Digital Signal Processing (DSP) is the mathematical manipulation of an information signal to modify it in some way. An audio waveform is represented digitally by breaking it up into a certain number of samples per second, at a certain bit resolution (i.e. 44100 samples per second at 16 bit quality). All these sampled amplitude points are stored in a floating point array, and can be manipulated accordingly. If any of this seems unfamiliar, please consult this great introduction to digital audio.

DSP facilitates more direct control over the audio processing, but is a notoriously difficult area of digital audio, and is generally conducted in C/C++. Luckily, in Max 6 Cycling ‘74 created Gen, which allows one to visually develop low-level, platform-independent code which is compiled on the fly. Like traditional dsp, Gen works on the sample level, thus offering more precision than the vector level in MSP. It should be noted that Gen is not merely limited to audio processing [gen~], also incorporating its Jitter equivalents [jit.pix], [], and [jit.gen].

NOTE: To edit Gen patches, you need to purchase it. However, all Gen patches can be ran with a copy of Max 6.

With [gen~] there are some key differences from MSP:

  • Firstly, the flow of data inside [gen~] is constant, thus there are no messages, UI objects etc. Since data is always synchronous, a feedback loop isn’t possible. Instead, an history operator is needed to act like a single-sample delay.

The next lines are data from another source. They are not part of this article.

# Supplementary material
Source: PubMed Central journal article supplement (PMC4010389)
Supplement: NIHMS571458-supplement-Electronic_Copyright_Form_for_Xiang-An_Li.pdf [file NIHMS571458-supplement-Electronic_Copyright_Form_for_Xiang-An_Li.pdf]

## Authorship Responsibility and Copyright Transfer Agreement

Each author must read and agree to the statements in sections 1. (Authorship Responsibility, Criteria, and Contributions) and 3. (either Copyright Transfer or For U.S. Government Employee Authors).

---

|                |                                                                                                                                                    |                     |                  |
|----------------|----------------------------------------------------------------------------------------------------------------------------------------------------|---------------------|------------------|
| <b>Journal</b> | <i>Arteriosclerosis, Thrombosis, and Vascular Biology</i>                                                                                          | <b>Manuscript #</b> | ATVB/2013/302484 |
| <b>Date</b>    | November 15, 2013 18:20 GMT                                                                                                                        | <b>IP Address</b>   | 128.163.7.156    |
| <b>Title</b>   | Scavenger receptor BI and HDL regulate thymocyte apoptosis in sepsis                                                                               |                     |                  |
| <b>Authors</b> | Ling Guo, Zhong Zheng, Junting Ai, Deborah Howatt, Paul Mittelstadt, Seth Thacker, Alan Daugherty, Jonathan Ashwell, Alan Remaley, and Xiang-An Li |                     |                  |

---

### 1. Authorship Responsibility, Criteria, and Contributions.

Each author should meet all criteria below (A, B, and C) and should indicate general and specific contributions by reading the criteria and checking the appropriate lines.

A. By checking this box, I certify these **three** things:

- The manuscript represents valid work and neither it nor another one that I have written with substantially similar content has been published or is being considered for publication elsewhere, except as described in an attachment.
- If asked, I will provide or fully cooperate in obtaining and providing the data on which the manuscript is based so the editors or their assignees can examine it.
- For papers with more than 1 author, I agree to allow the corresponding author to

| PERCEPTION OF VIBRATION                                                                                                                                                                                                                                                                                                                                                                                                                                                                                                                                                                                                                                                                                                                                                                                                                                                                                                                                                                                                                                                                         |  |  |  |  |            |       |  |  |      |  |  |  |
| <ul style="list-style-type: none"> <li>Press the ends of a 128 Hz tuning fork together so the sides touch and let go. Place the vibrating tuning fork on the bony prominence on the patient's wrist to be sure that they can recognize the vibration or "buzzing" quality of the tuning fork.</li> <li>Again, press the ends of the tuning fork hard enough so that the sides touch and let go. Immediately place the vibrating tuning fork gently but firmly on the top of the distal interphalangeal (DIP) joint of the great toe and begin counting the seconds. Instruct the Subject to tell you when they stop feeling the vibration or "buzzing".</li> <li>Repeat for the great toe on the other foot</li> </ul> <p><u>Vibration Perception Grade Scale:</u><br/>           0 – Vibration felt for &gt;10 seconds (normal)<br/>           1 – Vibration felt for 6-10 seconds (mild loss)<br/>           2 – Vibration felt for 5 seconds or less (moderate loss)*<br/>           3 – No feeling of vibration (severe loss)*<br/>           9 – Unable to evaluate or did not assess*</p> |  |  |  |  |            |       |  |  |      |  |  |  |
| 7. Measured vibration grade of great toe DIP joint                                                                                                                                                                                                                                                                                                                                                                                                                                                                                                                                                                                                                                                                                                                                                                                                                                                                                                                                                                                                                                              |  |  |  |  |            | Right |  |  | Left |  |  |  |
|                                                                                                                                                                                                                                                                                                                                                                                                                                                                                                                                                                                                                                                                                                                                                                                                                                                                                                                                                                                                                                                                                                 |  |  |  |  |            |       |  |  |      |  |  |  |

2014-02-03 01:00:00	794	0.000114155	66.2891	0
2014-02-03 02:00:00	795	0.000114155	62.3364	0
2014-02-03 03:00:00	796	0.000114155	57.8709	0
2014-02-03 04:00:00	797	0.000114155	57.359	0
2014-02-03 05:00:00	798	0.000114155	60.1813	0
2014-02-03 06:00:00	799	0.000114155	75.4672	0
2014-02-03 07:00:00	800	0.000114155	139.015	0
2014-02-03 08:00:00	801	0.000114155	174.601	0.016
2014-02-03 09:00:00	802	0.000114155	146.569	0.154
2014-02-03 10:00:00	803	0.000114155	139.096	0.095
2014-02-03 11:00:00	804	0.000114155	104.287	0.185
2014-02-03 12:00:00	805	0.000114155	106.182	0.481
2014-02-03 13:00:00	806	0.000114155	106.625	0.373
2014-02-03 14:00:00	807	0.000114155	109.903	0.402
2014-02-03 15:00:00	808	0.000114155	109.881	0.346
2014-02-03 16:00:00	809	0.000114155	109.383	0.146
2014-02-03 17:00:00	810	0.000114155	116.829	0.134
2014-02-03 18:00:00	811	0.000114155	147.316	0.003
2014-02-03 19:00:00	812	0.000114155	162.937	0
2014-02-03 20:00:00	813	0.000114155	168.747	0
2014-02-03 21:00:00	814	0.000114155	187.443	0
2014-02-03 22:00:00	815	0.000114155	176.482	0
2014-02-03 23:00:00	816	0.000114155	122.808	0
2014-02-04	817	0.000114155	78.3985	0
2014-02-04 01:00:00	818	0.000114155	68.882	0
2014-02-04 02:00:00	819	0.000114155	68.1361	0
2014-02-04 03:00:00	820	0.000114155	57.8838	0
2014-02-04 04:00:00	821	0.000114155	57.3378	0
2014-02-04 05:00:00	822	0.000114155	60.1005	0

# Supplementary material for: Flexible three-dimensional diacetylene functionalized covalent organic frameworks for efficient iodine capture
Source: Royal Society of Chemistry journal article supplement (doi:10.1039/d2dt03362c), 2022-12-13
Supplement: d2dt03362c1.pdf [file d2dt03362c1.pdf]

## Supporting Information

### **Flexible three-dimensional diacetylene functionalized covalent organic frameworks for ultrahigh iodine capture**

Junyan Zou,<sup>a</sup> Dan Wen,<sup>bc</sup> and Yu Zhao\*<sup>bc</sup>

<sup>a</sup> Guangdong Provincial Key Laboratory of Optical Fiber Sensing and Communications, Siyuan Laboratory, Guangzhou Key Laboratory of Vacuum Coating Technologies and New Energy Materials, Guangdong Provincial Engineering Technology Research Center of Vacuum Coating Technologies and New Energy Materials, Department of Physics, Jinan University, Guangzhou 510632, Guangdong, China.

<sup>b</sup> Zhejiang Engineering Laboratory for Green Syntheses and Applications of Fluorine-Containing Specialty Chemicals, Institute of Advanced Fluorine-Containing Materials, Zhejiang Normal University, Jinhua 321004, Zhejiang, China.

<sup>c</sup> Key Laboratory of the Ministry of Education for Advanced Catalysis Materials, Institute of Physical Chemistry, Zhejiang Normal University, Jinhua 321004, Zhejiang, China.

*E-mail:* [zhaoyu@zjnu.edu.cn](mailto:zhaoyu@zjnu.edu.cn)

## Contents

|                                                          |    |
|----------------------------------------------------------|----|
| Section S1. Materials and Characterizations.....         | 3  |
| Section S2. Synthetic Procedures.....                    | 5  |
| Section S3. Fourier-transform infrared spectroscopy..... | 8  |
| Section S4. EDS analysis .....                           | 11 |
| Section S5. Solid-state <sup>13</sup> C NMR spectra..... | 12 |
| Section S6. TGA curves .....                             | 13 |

• Secondly, there is no need to differentiate hot and cold inlets, or the order in which outlets ‘fire’, since all objects and outlets always fire at the same time.
  • Thirdly, the usual distinction between int and float numbers does not apply to Gen patchers. At the Gen patcher level, everything is a 64-bit floating point number. Finally, send and receive operate locally in a *Gen patcher, and not to another Gen patcher or Max patcher. Gen patchers are connected to the outside world through the in, out, and param operators.

So lets go about creating your first Gen patch. Create a new Max patch with the object [gen~]. Double click on [gen~], and you should be greeted with the following default template:

This patch simply adds two incoming signals, like [+~]. Test it out!

In many cases, the specification of an object’s argument effectively replaces the corresponding inlet. This is possible in Gen because there is no messaging and all processing is synchronous. For example, the + operator takes two inputs, but if an argument is given only one input needs to be specified as an inlet. If no argument is given, then the default value (generally zero) is used. Finally, an inlet with multiple connections adds them all together, just as with MSP signal patchcords.

So far we’ve seen in and out. Lastly, lets look at param which defines a parameter inside Gen, and can be controlled from it’s parent patcher. Mix acts similarly to +, but interpolates between input 1 and input 2, depending on a given interpolation factor (from 0 to 1). This factor is declared as a parameter called mixLevel, and thus controllable in the parent Max patch.